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carryforward

[ kar-ee-fawr-werd ]
/ ˈkær iˈfɔr wərd /
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noun
(in U.S. income-tax law) a special provision allowing part of a net loss or of an unused credit in a given year to be apportioned over one or two subsequent years, chiefly in order to ease the tax burden.
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Compare carry·back.

Origin of carryforward

First recorded in 1895–1900; noun use of verb phrase carry forward
Dictionary.com Unabridged Based on the Random House Unabridged Dictionary, © Random House, Inc. 2022

How to use carryforward in a sentence

British Dictionary definitions for carryforward

carry forward

verb (tr, adverb)
accounting to transfer (a balance) to the next page, column, etc
Also called (in Britain and certain other countries): carry over tax accounting to apply (a legally permitted credit, esp an operating loss) to the taxable income of following years to ease the overall tax burden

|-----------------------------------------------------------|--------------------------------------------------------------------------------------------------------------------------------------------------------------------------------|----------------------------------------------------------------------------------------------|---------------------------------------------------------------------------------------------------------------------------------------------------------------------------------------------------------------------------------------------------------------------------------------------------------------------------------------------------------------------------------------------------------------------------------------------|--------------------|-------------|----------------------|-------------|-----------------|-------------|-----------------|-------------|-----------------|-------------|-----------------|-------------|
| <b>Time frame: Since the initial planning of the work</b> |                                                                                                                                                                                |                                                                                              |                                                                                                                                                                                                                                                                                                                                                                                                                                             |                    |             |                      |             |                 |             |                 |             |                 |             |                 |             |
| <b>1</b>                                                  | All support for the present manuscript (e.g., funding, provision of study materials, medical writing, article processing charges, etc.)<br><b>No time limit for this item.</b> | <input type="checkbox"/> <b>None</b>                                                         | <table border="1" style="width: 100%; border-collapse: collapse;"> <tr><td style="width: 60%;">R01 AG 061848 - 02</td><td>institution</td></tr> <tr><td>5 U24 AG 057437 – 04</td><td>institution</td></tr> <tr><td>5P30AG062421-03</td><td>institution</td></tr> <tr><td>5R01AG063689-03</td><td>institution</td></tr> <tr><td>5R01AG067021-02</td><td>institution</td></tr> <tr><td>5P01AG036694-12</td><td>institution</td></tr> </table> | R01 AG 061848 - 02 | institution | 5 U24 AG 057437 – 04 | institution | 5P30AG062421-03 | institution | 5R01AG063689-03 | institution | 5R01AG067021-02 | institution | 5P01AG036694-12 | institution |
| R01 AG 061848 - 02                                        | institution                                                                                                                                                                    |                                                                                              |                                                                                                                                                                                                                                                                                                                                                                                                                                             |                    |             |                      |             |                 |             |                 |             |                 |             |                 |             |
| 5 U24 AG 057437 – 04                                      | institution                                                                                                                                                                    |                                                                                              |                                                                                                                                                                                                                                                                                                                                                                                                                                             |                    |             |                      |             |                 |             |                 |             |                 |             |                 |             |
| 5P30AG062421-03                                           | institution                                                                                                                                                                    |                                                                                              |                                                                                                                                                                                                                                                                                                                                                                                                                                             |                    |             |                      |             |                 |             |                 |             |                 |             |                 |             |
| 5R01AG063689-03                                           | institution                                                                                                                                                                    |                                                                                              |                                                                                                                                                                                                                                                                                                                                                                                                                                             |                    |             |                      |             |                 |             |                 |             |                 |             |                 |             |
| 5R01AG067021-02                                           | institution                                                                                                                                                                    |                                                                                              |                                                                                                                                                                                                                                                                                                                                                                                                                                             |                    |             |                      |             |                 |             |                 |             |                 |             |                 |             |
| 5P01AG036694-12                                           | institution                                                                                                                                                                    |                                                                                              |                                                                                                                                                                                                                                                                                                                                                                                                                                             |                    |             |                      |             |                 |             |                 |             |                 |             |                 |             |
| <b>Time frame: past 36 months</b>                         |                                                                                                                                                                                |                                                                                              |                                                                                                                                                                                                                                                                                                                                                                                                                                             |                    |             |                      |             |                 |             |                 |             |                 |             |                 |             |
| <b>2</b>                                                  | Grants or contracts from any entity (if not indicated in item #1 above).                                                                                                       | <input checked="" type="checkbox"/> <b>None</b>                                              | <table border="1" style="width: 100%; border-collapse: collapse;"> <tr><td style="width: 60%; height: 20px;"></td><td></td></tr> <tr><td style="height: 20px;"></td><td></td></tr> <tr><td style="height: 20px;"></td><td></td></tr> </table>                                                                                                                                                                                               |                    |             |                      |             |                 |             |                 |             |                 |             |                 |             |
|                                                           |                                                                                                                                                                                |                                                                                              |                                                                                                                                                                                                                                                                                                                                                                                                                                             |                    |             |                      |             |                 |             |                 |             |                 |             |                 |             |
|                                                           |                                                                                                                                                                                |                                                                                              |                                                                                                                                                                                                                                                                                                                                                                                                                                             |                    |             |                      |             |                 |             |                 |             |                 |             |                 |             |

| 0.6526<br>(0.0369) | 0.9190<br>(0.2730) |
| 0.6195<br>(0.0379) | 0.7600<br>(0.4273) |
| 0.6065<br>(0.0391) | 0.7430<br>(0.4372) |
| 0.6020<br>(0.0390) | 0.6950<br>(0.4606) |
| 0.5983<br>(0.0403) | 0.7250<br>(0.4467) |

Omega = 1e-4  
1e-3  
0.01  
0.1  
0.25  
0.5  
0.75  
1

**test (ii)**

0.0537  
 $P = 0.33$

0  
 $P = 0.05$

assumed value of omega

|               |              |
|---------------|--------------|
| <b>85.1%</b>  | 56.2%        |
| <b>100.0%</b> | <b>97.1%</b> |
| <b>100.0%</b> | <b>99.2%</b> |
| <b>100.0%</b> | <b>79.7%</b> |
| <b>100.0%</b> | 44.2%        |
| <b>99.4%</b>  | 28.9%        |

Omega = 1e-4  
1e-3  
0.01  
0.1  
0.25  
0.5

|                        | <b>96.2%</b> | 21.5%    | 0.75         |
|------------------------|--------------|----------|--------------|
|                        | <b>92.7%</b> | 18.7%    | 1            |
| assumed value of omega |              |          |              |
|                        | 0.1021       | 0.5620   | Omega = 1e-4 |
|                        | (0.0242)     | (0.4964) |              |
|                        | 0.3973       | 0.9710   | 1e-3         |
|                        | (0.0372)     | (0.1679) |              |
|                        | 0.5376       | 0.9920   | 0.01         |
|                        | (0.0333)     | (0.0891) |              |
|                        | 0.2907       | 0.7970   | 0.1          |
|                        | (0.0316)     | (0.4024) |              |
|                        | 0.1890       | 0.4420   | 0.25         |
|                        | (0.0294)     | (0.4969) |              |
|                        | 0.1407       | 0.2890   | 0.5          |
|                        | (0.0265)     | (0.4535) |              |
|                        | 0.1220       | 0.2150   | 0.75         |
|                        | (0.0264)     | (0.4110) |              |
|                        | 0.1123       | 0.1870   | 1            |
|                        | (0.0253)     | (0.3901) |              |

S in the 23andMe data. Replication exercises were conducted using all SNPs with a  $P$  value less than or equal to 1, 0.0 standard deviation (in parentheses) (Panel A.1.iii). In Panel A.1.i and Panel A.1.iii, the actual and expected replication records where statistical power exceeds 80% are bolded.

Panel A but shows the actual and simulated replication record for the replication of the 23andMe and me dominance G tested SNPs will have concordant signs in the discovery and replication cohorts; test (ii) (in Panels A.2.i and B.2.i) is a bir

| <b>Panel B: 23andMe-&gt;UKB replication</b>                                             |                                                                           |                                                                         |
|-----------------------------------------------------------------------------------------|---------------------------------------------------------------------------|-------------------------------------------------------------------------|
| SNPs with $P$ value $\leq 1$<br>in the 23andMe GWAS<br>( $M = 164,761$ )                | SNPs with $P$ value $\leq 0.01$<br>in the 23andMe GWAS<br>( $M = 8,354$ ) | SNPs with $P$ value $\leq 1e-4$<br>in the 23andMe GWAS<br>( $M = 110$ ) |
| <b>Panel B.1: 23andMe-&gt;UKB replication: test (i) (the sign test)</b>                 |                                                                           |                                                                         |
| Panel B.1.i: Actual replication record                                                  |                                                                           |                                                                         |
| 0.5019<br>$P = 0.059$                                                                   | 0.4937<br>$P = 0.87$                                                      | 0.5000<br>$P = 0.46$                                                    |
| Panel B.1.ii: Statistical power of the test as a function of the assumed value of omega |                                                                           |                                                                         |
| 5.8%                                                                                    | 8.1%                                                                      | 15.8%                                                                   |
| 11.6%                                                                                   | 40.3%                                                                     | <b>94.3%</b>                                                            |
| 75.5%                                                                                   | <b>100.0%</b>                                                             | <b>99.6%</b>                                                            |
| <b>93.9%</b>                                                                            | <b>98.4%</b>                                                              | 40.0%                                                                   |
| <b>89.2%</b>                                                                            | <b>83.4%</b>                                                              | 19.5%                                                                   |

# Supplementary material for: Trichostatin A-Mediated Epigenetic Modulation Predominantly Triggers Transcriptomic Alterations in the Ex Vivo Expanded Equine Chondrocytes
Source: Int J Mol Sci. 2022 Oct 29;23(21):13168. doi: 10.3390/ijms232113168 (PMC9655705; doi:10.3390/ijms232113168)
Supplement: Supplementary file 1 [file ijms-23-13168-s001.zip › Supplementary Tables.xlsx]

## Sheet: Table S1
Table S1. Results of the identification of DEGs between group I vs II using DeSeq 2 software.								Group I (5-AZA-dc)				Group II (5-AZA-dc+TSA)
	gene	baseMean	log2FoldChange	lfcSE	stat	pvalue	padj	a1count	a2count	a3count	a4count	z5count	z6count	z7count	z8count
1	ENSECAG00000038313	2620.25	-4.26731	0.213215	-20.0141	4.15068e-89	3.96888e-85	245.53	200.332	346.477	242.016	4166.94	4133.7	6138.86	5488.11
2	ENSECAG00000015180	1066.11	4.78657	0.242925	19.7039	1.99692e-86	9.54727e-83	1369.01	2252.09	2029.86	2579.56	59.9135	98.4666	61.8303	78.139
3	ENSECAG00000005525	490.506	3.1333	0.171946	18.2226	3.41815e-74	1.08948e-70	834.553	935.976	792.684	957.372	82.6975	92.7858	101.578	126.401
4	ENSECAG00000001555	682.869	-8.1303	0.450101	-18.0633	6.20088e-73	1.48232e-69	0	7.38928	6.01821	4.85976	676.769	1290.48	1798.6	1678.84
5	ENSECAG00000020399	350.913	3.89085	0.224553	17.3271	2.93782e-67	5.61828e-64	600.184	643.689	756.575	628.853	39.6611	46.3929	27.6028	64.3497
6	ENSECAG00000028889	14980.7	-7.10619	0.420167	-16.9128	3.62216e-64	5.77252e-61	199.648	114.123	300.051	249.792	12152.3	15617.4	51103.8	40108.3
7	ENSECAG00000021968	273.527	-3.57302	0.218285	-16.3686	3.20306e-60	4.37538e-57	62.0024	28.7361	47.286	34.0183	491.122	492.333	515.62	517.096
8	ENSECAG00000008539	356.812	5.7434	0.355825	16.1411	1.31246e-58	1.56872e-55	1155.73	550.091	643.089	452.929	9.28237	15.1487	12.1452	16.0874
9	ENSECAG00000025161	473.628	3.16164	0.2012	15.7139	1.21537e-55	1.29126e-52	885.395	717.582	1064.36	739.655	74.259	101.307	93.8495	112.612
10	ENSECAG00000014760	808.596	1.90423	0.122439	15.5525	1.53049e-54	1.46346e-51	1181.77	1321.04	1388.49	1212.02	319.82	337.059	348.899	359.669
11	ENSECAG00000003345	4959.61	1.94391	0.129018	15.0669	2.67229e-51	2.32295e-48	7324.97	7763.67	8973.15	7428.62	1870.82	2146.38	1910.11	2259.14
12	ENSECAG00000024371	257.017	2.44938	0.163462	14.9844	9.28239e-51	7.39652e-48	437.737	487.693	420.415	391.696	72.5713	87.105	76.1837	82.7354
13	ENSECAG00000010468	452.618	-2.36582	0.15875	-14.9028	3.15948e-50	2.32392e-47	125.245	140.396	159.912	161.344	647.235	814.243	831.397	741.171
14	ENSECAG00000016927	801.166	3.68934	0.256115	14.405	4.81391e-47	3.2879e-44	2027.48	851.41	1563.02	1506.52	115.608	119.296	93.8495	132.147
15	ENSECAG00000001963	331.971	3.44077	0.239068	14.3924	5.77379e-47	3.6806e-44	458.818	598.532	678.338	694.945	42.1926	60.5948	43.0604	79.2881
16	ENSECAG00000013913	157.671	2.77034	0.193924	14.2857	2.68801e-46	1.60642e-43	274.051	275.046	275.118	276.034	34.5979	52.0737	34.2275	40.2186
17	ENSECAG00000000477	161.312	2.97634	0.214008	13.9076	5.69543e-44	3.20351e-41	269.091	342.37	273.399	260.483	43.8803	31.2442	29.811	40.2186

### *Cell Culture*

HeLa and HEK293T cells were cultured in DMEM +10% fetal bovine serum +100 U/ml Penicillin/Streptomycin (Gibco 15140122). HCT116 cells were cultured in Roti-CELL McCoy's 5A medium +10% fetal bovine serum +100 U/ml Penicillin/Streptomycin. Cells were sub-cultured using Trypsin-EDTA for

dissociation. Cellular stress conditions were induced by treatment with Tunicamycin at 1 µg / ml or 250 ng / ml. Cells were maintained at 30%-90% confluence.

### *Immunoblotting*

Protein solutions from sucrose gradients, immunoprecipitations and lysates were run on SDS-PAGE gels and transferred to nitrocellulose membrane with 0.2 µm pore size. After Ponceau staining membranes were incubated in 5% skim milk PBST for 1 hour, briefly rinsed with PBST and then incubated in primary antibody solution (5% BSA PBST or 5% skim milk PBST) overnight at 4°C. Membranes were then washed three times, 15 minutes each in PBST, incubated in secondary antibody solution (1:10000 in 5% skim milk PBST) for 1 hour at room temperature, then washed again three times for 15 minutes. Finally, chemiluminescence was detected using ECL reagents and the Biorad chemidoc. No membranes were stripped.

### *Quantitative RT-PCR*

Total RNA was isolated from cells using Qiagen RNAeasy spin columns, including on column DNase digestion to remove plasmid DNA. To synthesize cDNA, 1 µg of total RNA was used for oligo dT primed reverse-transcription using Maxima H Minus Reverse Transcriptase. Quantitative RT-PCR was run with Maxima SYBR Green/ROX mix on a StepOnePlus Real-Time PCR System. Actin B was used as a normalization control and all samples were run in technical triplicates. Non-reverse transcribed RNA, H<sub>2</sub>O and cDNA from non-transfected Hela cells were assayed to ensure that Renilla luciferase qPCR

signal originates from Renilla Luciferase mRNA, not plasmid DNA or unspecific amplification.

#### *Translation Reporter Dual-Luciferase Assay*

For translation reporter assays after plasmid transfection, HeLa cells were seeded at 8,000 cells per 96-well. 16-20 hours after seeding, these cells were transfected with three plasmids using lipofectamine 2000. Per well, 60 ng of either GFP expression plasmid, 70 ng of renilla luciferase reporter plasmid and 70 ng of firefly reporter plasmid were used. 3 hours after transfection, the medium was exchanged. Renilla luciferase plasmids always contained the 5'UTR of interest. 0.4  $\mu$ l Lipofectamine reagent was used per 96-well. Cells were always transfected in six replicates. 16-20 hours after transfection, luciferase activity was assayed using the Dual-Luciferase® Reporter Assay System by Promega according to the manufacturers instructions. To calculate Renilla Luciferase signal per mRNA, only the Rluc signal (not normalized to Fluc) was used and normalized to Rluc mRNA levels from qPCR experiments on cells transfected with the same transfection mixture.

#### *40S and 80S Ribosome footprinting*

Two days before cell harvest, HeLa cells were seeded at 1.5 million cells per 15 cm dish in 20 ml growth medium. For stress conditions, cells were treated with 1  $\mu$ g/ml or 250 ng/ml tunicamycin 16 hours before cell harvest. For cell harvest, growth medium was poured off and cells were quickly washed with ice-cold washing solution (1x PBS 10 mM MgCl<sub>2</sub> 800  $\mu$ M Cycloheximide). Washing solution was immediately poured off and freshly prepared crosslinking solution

noun carry-forward
Also called: carry-over tax accounting an amount carried forward
Collins English Dictionary - Complete & Unabridged 2012 Digital Edition © William Collins Sons & Co. Ltd. 1979, 1986 © HarperCollins Publishers 1998, 2000, 2003, 2005, 2006, 2007, 2009, 2012

Other Idioms and Phrases with carryforward

carry forward

1

Also, carry over. Transfer a bookkeeping entry to the next column, page, another account, or the next accounting period, as in Let's carry forward this loss to the next quarter for a saving in taxes, or She made an error in carrying over this column. The first term dates from the first half of the 1800s; the variant dates from the mid-1700s.

2

Make progress in, advance, as in His successor hoped to carry forward his work. Also see carry on.

The American Heritage® Idioms Dictionary Copyright © 2002, 2001, 1995 by Houghton Mifflin Harcourt Publishing Company. Published by Houghton Mifflin Harcourt Publishing Company.
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